#2: Page never moved up at anyone else’s expense. You can whine all you want about how Benoit and Jericho should’ve gotten the same push back then, and you’d be right. However, they couldn’t play the political game and DDP could. Playing backstage games is a necessity to survive in this business. Hogan did it while burying others. DDP did and largely HELPED others.
#3: DDP could wrestle. The list of overrated guys like Luger and Nash who had top spots but had no ability is endless. At least DDP busted his ass every single night to give the fans great matches. How can you fault someone like that?
In addition, DDP achieved all this past the age of 40. 40-yr-olds don’t exactly have young, strong bodies. There are tons of guys who aren’t 40 yet who will probably never be big stars again: Bigelow, Janetty, Big Bossman, etc. If DDP did it, so can they. Who is to say Bigelow couldn’t lose weight, improve by leaps and bounds, learn to cut good promos, and give it another shot? DDP did, which just goes to show his drive to succeed.
DDP earned good money in his career. Did he earn it or deserve it? Well, let’s put things in perspective.
Go back to 1998. WCW had their peak year financially (’97 was better aesthetically, though). Part of that was a huge match that summer involving DDP, Karl Malone, Dennis Rodman, and of course Hogan. Bob Costas was talking about it during the NBA finals. Clips were on ESPN. It made “TV Guide.” Everyone was talking about that match.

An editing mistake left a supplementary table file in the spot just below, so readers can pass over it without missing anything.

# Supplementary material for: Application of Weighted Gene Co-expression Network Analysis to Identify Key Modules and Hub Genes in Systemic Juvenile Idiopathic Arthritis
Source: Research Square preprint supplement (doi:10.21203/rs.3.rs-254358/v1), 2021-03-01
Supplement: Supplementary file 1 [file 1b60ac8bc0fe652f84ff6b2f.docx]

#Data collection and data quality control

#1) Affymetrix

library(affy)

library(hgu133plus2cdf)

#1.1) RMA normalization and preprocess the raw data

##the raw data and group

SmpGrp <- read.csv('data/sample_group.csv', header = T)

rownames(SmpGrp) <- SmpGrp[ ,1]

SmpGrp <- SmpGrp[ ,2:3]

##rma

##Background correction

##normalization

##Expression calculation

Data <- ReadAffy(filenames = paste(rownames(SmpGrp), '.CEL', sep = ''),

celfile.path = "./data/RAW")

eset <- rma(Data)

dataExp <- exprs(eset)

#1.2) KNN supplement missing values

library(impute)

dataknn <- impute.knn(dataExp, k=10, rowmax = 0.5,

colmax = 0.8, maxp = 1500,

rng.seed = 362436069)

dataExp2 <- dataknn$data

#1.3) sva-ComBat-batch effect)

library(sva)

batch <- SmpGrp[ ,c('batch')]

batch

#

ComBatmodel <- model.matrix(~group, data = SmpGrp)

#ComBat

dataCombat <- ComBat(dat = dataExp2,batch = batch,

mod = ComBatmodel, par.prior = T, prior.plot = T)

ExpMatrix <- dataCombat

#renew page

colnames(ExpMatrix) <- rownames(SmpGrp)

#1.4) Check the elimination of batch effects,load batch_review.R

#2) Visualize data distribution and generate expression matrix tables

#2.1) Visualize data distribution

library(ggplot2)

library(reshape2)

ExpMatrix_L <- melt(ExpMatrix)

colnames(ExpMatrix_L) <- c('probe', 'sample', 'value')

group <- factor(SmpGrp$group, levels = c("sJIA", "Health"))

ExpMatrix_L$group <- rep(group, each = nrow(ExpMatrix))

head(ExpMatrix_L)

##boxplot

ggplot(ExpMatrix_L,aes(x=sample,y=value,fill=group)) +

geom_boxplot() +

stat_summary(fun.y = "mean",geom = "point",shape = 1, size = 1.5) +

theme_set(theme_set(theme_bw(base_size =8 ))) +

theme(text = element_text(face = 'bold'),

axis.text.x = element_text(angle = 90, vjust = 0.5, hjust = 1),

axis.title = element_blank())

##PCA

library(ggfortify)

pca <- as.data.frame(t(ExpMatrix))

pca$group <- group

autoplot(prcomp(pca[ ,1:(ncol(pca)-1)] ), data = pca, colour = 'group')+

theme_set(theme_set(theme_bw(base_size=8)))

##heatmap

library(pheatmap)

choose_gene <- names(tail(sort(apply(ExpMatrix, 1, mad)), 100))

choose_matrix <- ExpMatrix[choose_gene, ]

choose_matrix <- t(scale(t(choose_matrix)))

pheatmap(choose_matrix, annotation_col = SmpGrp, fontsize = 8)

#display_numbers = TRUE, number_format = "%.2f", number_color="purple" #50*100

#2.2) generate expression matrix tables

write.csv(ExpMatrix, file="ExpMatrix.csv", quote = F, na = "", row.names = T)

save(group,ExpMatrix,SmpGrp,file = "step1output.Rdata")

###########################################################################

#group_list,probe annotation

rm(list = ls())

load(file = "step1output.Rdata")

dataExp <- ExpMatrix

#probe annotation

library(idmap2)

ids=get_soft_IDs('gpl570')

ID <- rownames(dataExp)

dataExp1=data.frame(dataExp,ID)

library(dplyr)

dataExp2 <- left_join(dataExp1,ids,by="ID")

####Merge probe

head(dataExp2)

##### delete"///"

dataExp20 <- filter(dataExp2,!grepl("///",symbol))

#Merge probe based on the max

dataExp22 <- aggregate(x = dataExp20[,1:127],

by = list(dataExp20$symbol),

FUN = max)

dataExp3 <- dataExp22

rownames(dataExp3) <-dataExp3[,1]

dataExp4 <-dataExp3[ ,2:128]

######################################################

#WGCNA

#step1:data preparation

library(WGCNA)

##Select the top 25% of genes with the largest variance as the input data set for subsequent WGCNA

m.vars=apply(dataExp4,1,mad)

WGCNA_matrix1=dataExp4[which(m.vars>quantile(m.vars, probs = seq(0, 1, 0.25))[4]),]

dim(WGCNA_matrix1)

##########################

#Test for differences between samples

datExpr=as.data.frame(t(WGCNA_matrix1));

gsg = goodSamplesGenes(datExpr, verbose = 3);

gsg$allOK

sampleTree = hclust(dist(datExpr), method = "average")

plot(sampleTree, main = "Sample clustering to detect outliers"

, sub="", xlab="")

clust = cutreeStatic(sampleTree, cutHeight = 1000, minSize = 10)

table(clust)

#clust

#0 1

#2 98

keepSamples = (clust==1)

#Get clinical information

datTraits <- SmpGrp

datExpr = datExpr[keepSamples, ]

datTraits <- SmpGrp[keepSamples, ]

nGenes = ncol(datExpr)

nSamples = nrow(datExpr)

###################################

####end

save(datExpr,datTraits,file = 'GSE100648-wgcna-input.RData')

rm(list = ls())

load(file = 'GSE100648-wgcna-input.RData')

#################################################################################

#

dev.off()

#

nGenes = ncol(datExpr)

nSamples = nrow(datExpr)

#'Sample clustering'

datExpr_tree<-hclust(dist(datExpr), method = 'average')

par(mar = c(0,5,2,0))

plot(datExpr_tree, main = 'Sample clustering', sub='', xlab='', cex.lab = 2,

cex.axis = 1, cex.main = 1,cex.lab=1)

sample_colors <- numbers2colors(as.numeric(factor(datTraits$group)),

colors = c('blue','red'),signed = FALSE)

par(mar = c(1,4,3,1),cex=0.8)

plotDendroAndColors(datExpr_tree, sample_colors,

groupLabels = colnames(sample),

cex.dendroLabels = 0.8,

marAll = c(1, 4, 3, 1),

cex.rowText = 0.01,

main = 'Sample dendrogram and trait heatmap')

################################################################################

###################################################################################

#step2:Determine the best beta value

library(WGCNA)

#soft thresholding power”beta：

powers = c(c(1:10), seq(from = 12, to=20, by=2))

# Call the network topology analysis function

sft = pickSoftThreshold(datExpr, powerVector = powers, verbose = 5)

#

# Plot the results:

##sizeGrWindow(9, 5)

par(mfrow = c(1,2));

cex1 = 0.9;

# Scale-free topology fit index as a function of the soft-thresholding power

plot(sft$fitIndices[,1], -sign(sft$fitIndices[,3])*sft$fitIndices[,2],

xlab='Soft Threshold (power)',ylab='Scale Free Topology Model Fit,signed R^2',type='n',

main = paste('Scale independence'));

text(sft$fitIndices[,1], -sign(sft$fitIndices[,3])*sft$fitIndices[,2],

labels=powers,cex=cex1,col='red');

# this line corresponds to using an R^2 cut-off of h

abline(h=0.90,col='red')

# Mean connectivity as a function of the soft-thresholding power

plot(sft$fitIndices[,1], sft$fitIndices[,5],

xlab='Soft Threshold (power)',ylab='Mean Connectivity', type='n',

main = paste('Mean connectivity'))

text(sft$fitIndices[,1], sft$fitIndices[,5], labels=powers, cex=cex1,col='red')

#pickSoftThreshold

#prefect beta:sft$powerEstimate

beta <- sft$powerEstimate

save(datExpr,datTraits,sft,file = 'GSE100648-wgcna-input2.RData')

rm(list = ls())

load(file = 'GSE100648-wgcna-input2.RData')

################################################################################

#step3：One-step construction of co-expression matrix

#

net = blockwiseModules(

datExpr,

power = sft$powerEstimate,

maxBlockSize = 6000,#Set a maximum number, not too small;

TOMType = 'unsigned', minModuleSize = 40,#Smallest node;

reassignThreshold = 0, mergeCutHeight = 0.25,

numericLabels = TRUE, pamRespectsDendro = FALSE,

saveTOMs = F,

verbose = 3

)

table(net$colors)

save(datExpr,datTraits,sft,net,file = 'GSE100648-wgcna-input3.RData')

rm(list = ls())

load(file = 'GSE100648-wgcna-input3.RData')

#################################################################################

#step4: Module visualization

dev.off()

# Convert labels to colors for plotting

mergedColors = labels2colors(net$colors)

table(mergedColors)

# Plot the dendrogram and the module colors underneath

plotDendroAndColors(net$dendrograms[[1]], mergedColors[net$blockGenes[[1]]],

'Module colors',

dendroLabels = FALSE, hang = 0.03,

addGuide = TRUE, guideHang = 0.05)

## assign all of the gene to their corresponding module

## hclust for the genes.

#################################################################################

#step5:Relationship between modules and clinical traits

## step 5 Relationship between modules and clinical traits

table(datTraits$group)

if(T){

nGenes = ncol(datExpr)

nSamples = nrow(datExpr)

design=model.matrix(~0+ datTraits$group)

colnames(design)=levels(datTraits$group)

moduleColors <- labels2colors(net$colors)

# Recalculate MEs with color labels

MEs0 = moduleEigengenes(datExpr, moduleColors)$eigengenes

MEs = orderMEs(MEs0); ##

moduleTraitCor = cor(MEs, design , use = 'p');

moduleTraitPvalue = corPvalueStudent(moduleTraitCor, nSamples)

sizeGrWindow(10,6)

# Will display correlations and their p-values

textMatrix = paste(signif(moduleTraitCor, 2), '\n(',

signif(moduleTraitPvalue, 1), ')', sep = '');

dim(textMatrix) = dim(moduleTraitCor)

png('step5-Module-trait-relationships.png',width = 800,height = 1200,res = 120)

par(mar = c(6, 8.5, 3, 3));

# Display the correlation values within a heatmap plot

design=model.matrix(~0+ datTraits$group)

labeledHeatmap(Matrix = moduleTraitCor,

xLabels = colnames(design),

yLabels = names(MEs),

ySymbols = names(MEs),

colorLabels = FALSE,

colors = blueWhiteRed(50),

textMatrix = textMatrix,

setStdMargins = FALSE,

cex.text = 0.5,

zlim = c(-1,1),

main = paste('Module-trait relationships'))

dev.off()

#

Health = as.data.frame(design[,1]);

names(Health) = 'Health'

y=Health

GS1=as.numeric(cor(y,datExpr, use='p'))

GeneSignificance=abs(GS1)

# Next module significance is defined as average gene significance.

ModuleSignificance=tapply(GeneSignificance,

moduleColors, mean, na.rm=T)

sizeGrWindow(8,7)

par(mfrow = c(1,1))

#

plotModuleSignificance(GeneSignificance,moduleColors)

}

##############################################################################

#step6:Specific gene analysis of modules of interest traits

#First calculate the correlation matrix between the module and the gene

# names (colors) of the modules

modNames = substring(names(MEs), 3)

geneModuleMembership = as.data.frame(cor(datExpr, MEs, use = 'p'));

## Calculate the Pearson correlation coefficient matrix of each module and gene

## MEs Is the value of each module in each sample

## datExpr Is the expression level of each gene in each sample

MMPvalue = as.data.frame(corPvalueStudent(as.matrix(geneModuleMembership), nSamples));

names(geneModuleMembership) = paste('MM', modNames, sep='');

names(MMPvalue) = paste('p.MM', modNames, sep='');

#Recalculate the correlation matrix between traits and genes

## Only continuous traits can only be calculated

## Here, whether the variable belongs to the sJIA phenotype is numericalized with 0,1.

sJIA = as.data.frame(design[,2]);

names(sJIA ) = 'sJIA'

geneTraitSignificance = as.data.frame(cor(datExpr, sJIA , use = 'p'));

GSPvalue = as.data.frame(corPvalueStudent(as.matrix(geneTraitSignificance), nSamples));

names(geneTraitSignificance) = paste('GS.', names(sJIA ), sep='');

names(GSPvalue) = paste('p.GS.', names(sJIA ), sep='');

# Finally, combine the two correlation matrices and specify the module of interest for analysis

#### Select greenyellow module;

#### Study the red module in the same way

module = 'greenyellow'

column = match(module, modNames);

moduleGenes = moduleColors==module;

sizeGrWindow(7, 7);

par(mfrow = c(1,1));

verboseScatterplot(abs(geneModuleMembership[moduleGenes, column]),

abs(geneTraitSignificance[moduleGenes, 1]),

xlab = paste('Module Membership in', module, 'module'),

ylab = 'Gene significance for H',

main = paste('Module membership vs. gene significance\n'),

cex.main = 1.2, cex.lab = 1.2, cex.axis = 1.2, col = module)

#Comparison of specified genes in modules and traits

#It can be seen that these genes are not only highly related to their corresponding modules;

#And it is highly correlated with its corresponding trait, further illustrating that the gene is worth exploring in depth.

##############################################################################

Now, that match made WCW a ton of money. TV appearances by Rodman helped draw sellout TV tapings (actually WCW was selling those out anyway without Rodman) and give Hogan a big boost to his career. It was very important for the match to deliver. If not, it would be a disaster like Mr. T vs. Piper or Inoki vs. Ali.
The night of the match, Rodman was a mess. Hogan had been terrible for years. Malone was in excellent shape, but still didn’t know how to wrestle and threw the world’s clotheslines. Had it not been for Page, that match could’ve killed WCW. Yes, I know WCW died eventually, but that was for other reasons. He saved that match and worked his ass off when all eyes were on WCW. His performance that night was worth all the money he ever made in his career.